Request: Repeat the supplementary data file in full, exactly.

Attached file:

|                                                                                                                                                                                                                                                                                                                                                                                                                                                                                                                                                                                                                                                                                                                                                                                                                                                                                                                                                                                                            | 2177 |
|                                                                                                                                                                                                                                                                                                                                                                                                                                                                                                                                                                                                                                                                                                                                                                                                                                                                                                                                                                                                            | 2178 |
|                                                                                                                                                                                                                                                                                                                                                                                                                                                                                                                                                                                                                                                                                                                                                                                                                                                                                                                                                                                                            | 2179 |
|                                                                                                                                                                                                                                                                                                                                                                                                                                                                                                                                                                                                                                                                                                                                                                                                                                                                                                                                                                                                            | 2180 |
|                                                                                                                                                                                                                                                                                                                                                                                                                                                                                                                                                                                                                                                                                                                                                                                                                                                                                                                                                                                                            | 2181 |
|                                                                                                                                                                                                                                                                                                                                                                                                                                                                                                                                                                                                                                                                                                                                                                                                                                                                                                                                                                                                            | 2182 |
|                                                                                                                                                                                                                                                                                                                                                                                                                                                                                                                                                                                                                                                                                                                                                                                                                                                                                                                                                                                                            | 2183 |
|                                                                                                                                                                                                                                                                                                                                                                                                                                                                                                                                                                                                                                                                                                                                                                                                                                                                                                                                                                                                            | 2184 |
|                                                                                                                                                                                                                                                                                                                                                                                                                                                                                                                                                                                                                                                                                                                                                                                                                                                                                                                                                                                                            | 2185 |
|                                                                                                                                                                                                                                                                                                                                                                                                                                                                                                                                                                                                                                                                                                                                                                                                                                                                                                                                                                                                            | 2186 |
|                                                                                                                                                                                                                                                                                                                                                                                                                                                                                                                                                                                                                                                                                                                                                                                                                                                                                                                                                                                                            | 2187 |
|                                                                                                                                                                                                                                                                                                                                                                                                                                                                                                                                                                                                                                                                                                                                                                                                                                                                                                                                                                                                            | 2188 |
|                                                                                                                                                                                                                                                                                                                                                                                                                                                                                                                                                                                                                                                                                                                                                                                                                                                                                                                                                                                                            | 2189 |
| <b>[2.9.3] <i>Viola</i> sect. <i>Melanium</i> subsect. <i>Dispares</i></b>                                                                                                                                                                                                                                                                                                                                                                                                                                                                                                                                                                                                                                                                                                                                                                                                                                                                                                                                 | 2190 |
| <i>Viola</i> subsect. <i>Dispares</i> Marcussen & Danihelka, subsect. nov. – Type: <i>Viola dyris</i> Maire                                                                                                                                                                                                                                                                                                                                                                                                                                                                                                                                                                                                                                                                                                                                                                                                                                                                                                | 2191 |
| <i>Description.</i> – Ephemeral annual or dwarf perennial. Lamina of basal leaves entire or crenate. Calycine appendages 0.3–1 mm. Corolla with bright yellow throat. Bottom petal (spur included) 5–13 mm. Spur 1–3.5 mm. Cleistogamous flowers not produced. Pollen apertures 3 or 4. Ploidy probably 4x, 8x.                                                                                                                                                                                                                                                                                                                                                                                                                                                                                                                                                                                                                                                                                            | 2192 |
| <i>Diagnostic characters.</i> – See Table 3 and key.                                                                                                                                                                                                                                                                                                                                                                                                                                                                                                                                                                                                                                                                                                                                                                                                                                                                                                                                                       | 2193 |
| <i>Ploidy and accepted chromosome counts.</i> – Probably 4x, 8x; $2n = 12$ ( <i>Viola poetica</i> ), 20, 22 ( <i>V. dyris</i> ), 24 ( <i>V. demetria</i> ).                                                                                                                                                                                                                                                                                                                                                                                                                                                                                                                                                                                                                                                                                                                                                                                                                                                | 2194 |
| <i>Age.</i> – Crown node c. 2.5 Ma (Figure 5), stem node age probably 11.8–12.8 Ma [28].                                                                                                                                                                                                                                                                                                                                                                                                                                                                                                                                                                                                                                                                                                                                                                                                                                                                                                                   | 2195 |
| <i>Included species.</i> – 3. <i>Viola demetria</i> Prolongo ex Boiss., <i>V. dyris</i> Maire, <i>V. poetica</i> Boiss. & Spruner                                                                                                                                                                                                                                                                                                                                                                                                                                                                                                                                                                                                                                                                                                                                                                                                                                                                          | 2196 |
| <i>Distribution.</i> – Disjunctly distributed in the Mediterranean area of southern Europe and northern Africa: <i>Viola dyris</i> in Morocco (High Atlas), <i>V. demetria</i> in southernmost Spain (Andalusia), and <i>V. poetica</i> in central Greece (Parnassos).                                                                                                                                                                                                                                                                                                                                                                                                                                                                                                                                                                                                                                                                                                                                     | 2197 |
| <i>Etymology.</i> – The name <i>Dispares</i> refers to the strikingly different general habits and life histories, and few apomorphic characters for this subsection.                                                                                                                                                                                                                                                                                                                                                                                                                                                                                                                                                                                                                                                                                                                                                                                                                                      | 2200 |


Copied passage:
|                                                                                                                                                                                                                                                                                                                                                                                                                                                                                                                                                                                                                                                                                                                                                                                                                                                                                                                                                                                                            | 2177 |
|                                                                                                                                                                                                                                                                                                                                                                                                                                                                                                                                                                                                                                                                                                                                                                                                                                                                                                                                                                                                            | 2178 |
|                                                                                                                                                                                                                                                                                                                                                                                                                                                                                                                                                                                                                                                                                                                                                                                                                                                                                                                                                                                                            | 2179 |
|                                                                                                                                                                                                                                                                                                                                                                                                                                                                                                                                                                                                                                                                                                                                                                                                                                                                                                                                                                                                            | 2180 |
|                                                                                                                                                                                                                                                                                                                                                                                                                                                                                                                                                                                                                                                                                                                                                                                                                                                                                                                                                                                                            | 2181 |
|                                                                                                                                                                                                                                                                                                                                                                                                                                                                                                                                                                                                                                                                                                                                                                                                                                                                                                                                                                                                            | 2182 |
|                                                                                                                                                                                                                                                                                                                                                                                                                                                                                                                                                                                                                                                                                                                                                                                                                                                                                                                                                                                                            | 2183 |
|                                                                                                                                                                                                                                                                                                                                                                                                                                                                                                                                                                                                                                                                                                                                                                                                                                                                                                                                                                                                            | 2184 |
|                                                                                                                                                                                                                                                                                                                                                                                                                                                                                                                                                                                                                                                                                                                                                                                                                                                                                                                                                                                                            | 2185 |
|                                                                                                                                                                                                                                                                                                                                                                                                                                                                                                                                                                                                                                                                                                                                                                                                                                                                                                                                                                                                            | 2186 |
|                                                                                                                                                                                                                                                                                                                                                                                                                                                                                                                                                                                                                                                                                                                                                                                                                                                                                                                                                                                                            | 2187 |
|                                                                                                                                                                                                                                                                                                                                                                                                                                                                                                                                                                                                                                                                                                                                                                                                                                                                                                                                                                                                            | 2188 |
|                                                                                                                                                                                                                                                                                                                                                                                                                                                                                                                                                                                                                                                                                                                                                                                                                                                                                                                                                                                                            | 2189 |
| <b>[2.9.3] <i>Viola</i> sect. <i>Melanium</i> subsect. <i>Dispares</i></b>                                                                                                                                                                                                                                                                                                                                                                                                                                                                                                                                                                                                                                                                                                                                                                                                                                                                                                                                 | 2190 |
| <i>Viola</i> subsect. <i>Dispares</i> Marcussen & Danihelka, subsect. nov. – Type: <i>Viola dyris</i> Maire                                                                                                                                                                                                                                                                                                                                                                                                                                                                                                                                                                                                                                                                                                                                                                                                                                                                                                | 2191 |
| <i>Description.</i> – Ephemeral annual or dwarf perennial. Lamina of basal leaves entire or crenate. Calycine appendages 0.3–1 mm. Corolla with bright yellow throat. Bottom petal (spur included) 5–13 mm. Spur 1–3.5 mm. Cleistogamous flowers not produced. Pollen apertures 3 or 4. Ploidy probably 4x, 8x.                                                                                                                                                                                                                                                                                                                                                                                                                                                                                                                                                                                                                                                                                            | 2192 |
| <i>Diagnostic characters.</i> – See Table 3 and key.                                                                                                                                                                                                                                                                                                                                                                                                                                                                                                                                                                                                                                                                                                                                                                                                                                                                                                                                                       | 2193 |
| <i>Ploidy and accepted chromosome counts.</i> – Probably 4x, 8x; $2n = 12$ ( <i>Viola poetica</i> ), 20, 22 ( <i>V. dyris</i> ), 24 ( <i>V. demetria</i> ).                                                                                                                                                                                                                                                                                                                                                                                                                                                                                                                                                                                                                                                                                                                                                                                                                                                | 2194 |
| <i>Age.</i> – Crown node c. 2.5 Ma (Figure 5), stem node age probably 11.8–12.8 Ma [28].                                                                                                                                                                                                                                                                                                                                                                                                                                                                                                                                                                                                                                                                                                                                                                                                                                                                                                                   | 2195 |
| <i>Included species.</i> – 3. <i>Viola demetria</i> Prolongo ex Boiss., <i>V. dyris</i> Maire, <i>V. poetica</i> Boiss. & Spruner                                                                                                                                                                                                                                                                                                                                                                                                                                                                                                                                                                                                                                                                                                                                                                                                                                                                          | 2196 |
| <i>Distribution.</i> – Disjunctly distributed in the Mediterranean area of southern Europe and northern Africa: <i>Viola dyris</i> in Morocco (High Atlas), <i>V. demetria</i> in southernmost Spain (Andalusia), and <i>V. poetica</i> in central Greece (Parnassos).                                                                                                                                                                                                                                                                                                                                                                                                                                                                                                                                                                                                                                                                                                                                     | 2197 |
| <i>Etymology.</i> – The name <i>Dispares</i> refers to the strikingly different general habits and life histories, and few apomorphic characters for this subsection.                                                                                                                                                                                                                                                                                                                                                                                                                                                                                                                                                                                                                                                                                                                                                                                                                                      | 2200 |